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Bibliography of the Maurice Lamontagne Institute

Myriam BOURGEOIS

BOURGEOIS, M., R. DUFOUR, 2007. Ecologically and biologically significant areas (EBSA) in the Estuary and Gulf of St. Lawrence : identification and characterization. DFO, Canadian Science Advisory Secretariat, Science Advisory Report, 2007/016, 14 p .

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BOURGEOIS, M., R. DUFOUR, 2007. Zones d'importance écologique et biologique (ZIEB) de l'estuaire et du golfe du Saint-Laurent : identification et caractérisation. MPO, Secrétariat canadien de consultation scientifique, Avis scientifique, 2007/016, 15 p .

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BOURGEOIS, M., M. GILBERT, B. CUSSON, 2001. Évolution du trafic maritime en provenance de l'étranger dans le Saint-Laurent de 1978 à 1996 et implications pour les risques d'introduction d'espèces aquatiques non indigènes. Rapp. tech. can. sci. halieut. aquat., 2338, 34 p .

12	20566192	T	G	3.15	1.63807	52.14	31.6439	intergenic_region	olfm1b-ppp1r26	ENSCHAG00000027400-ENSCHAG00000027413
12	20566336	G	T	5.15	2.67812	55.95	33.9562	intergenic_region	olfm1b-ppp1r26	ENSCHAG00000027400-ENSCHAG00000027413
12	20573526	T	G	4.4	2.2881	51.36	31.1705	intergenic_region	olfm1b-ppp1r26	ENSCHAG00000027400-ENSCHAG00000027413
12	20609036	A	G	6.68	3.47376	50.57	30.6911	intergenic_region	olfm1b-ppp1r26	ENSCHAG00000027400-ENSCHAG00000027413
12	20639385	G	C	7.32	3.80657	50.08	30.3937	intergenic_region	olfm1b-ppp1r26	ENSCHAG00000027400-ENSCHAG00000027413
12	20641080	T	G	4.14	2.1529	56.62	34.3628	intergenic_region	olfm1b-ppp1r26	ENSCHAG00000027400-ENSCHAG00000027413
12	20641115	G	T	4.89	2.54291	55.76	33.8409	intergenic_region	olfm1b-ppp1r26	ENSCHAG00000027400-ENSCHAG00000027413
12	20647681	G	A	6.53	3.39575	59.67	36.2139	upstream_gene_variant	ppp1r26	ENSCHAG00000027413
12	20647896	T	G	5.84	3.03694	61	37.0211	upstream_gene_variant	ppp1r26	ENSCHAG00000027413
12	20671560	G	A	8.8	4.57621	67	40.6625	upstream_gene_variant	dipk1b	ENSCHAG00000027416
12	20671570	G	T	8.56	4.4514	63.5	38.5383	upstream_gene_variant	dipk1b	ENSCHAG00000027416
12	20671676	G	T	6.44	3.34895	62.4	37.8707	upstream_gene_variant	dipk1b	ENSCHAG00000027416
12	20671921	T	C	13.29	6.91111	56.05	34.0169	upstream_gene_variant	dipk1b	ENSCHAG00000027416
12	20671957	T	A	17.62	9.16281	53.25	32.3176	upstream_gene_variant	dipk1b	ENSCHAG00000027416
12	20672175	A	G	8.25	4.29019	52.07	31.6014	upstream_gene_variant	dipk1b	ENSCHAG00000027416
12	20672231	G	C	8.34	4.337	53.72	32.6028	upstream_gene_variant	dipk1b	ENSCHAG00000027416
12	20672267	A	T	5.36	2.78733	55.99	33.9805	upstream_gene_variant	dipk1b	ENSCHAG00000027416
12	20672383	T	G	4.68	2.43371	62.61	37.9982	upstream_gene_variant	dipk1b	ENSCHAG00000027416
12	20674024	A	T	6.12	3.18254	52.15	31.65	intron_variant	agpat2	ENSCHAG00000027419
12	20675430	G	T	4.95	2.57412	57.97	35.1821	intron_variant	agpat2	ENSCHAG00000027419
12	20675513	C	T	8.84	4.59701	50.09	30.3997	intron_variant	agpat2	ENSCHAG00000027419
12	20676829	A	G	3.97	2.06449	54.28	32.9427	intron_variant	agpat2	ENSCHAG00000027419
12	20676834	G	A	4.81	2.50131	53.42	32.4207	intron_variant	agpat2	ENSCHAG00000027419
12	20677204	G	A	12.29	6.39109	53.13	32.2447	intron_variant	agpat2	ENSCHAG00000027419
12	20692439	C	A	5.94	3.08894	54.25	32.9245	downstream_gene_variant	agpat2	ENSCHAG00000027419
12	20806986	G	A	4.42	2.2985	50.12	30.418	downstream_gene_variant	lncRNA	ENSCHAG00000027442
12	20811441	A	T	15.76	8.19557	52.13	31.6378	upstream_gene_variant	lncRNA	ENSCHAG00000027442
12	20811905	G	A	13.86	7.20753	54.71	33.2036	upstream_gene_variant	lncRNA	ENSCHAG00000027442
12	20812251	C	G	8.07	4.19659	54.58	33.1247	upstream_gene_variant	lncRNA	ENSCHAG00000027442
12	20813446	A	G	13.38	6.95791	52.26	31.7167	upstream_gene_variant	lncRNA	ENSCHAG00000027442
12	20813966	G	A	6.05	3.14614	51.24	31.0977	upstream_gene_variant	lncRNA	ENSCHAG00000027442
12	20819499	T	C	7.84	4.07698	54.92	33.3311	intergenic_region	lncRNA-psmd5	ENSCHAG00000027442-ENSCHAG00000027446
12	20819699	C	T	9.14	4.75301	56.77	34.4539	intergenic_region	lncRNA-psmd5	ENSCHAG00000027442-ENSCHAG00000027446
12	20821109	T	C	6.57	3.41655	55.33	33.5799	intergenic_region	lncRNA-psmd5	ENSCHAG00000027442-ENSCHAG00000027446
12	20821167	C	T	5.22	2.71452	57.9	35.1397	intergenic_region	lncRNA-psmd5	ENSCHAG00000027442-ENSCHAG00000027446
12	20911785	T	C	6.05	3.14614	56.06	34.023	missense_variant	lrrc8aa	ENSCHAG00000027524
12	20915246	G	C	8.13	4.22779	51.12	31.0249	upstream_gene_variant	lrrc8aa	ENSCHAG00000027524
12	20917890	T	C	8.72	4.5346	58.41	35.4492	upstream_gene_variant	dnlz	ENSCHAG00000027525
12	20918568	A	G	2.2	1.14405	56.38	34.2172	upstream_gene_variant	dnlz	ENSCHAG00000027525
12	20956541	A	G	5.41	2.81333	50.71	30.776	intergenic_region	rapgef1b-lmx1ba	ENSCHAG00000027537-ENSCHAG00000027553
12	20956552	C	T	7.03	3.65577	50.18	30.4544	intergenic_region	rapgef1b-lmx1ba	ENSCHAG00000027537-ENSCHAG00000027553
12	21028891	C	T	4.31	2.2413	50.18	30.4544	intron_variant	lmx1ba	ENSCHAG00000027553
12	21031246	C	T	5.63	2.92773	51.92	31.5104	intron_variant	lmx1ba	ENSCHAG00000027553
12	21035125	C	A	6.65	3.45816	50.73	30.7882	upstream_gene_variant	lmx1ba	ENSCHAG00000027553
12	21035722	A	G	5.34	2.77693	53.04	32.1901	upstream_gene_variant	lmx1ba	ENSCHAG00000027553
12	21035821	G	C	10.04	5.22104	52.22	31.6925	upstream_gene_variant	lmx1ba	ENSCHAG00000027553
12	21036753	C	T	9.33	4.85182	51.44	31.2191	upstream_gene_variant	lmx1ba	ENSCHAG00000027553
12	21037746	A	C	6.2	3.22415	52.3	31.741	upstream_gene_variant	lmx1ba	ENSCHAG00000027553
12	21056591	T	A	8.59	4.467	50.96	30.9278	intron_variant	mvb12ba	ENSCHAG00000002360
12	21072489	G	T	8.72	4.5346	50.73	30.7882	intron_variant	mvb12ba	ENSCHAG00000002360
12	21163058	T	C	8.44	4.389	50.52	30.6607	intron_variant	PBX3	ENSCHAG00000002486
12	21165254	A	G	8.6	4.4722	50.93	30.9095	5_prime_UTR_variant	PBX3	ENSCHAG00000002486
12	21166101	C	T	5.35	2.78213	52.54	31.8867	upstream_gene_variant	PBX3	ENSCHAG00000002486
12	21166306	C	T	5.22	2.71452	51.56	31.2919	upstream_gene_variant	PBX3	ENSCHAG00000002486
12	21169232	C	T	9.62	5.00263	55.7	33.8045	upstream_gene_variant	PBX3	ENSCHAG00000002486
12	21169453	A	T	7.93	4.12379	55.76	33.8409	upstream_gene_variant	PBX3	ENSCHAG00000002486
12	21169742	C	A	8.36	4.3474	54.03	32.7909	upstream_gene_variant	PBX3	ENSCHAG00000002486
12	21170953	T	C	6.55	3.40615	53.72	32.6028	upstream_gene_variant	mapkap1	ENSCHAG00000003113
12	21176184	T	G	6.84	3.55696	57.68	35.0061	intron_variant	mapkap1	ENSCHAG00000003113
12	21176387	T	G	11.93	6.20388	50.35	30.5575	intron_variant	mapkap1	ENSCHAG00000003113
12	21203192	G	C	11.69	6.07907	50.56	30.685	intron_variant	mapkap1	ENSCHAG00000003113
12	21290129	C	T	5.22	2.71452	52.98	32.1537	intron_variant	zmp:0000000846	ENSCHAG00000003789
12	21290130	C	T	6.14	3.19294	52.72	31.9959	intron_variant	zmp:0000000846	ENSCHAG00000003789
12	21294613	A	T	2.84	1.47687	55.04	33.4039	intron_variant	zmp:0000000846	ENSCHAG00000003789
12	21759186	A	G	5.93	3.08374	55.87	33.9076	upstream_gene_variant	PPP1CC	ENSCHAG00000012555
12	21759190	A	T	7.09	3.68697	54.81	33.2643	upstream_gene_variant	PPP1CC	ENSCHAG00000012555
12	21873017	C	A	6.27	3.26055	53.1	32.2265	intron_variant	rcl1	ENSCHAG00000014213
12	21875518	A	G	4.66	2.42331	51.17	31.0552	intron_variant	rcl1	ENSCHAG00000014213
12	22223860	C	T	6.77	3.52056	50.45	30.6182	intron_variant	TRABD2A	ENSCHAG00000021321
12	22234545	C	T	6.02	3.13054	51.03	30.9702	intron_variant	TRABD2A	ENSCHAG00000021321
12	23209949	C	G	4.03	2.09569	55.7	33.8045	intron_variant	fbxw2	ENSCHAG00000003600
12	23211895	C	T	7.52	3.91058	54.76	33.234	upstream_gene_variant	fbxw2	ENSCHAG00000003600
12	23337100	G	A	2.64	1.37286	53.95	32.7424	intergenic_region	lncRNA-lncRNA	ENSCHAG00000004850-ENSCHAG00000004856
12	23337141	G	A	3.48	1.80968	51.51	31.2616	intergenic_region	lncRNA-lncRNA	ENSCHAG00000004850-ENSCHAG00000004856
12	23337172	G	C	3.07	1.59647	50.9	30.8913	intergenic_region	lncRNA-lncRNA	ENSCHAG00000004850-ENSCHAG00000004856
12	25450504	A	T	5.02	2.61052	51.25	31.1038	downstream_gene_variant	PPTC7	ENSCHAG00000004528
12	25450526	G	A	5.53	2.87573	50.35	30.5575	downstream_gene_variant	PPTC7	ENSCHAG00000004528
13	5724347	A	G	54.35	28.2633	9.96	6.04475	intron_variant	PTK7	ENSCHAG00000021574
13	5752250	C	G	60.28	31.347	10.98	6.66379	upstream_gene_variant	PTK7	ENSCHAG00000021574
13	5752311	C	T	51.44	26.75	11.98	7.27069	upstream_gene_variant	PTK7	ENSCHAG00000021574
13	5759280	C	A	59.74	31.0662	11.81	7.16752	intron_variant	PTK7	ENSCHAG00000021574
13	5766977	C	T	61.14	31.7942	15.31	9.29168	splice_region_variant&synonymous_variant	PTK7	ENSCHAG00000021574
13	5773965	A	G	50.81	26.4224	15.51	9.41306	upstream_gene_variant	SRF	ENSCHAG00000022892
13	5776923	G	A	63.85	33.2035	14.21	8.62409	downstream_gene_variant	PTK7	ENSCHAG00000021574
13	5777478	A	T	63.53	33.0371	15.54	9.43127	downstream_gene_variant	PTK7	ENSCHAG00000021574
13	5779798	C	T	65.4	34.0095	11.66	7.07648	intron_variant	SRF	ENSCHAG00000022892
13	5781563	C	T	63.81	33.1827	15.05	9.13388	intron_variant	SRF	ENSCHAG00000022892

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The maritime traffic from foreign countries bound for fresh and marine water ports of the St. Lawrence river, estuary and gulf was analyzed from the Transport Canada ECAREG-VTS (Eastern Canada Region-Vessel Traffic Service) data base, with the objective of determining its pattern and tendencies between 1978 and 1996. Some temporal trends have been detected, the most significant being the increase in the ballast capacity of the fleet, which reached ca 30 MT in 1996, approximately twice the 1978 value. This increase is primarily related to the ships' size. On the marginal sea routes, which require longer transits, the traffic had increased from 7 % to 12 % of the total traffic into the St. Lawrence between 1978 and 1996, with most of the increase occurring during the later years of the study. Since 1978, thirty countries have been added to the 137 found on the ships' origin list. In terms of foreign maritime traffic, Montreal Harbour is the largest of the whole St. Lawrence/Great Lakes system, with an average of 735 annual visits. On another hand, the ports at Baie-Comeau, Sept-Îles and Port-Cartier receive annually from foreign ships a quantity of ballast water estimated at nearly 9,75 MT, exceeding by three times the quantity carried towards all the other ports of the St. Lawrence/Great Lakes system. A marked increase in foreign traffic occurred in the southern gulf between 1978 and 1996. The maritime traffic pattern in the St. Lawrence, and its various tendencies, are discussed relative to the potential risk of introducing nonindigenous species through ballast water discharges.